Ill start off going left to right on the menu of the new weather site. METARs, most of us know how to decode them, which is the important part. For the most part, thats all VATSIM pilots know, and wish to know to enjoy their flight. Something new on the METAR page is a Local Area Work Chart (LAWC). The LAWC is used by meteorologist, dispatchers, as well as pilots to get a visual image of how the atmosphere is flowing over a geographic area. The LAWC will give the customer the ability to have a quick look of the conditions over a region, allowing the customer to find a quick alternate if one has not been planned for in pre-flight. Using the LAWC controllers can look upstream of their area of responsibiliy to see if a wind shift can be expected, which allows for early planning for when it comes time to turn the field around. The various meteorological symbols used on the LAWC will be supplied at the bottom of this text. Feel free to check it out and familiarize yourself with the new product available to ZLA customers and staff. In the soon future Terminal Aerodrome Forecasts (TAF) will be available on the METAR page, which will facilitate a tittle change to METAR & TAFs. TAFs are utilized by all customers of aviation weather products as a text forecast for an area. TAFs are written for 5sm around an airport. So the TAF you see for LAX will only be for a 5sm radius around the field. Utilizing the TAF will allow a pilot, controller, or other customer the chance to find their arrival or departure time, read the line, and see what conditions are forecasted to be occurring during one's arrival or departure.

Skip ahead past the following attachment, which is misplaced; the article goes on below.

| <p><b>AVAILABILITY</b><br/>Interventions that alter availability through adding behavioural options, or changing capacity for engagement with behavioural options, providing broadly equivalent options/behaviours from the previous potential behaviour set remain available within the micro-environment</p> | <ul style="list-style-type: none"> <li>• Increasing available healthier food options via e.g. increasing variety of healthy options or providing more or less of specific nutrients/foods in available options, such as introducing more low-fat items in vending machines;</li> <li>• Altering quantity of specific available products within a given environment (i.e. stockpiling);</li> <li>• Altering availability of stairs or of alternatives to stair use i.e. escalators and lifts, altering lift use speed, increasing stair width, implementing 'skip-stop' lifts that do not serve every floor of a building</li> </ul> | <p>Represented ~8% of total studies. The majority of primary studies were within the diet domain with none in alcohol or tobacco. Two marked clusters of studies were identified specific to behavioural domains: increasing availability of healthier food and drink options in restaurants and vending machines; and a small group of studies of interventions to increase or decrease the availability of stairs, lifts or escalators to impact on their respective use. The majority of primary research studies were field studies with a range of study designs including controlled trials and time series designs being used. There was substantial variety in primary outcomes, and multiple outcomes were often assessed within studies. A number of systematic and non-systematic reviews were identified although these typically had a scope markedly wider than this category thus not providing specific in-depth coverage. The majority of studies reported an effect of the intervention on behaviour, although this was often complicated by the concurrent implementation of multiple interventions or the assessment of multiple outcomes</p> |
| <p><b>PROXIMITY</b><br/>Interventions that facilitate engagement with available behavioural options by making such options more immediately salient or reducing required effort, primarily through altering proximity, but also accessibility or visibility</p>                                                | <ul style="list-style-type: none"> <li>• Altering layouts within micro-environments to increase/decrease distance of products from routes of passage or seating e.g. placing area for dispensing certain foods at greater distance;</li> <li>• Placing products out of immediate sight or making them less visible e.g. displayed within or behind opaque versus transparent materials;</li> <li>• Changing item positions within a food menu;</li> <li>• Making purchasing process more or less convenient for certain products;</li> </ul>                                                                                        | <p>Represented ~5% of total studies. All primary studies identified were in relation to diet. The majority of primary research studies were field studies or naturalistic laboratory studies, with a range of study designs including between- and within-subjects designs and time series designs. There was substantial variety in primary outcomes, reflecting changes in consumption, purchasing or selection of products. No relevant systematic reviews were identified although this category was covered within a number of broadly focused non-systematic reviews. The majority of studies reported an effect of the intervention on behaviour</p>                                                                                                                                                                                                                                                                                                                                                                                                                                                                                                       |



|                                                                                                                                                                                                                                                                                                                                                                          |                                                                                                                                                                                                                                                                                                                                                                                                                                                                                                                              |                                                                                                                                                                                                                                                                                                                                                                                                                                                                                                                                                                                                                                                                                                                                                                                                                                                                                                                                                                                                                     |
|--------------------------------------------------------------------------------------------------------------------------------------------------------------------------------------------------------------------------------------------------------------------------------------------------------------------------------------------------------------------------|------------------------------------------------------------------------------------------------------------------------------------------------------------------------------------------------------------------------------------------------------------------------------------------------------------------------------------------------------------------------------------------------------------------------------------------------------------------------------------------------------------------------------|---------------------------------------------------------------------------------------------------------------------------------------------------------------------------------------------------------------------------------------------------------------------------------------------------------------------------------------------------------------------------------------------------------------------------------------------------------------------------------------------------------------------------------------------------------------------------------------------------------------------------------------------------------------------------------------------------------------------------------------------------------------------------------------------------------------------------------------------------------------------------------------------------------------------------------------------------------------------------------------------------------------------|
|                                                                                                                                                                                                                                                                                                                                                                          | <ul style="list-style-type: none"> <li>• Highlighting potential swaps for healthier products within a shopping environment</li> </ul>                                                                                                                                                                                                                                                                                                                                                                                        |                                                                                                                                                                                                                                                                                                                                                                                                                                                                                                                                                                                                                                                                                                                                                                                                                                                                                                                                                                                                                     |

Next I will cover the significance of NEXRAD, some misconceptions, as well as how to use it. First off, NEXRAD, known widely as the WSR-88D (Weather Surveillance Radar 1988 D). The D really is not significant, but Im sure many of you have heard your local meteorologist tack on the term "Doppler Radar." This is where it comes from. In the aviation sector we use the WSR88D for two primary purposes. The first being the detection of water droplets that are perceptible. All the echoes from the radar that are 18.5dbz or greater are considered preciptible echoes. Meaning the obvious, that if you see an echo of 18.5dbz or greater, it is raining in that area, or at least the possible for rain to affect the area is high. Once echoes of roughly 50dbz start to show up hail is apparent. How does this work you ask? Im going to cover this in a very basic way, if you want more information feel free to check the resource links at the bottom. The WSR88D sends out a pulse, that pulse hits an object, and due to back scattering energy which returns to the radar site, an echo appears. The greator the echo, the thicker the object, or more dense an object. One thing to remember out of this is that key 18.5dbz level, the precipitable echo. The second use of the WSR88D system is the location, and tracking of severe storm systems. You remember that 50dbz level? Hail only forms within thunderstorms, so what that means is also once you see echoes in the low 40's start to transition into the 50, get ready for one heck of a time as some convective severe weather is about ready to open shop. There are a wide variety of products the WSR88D system produces, the one available on the site is the base reflectivity. You may also notice the Composite Radar Summary for the SW CONUS? This is used as a quick glance of what all the radar sites in the area are showing. Start with the big picture, then move down to the smaller sites available to us.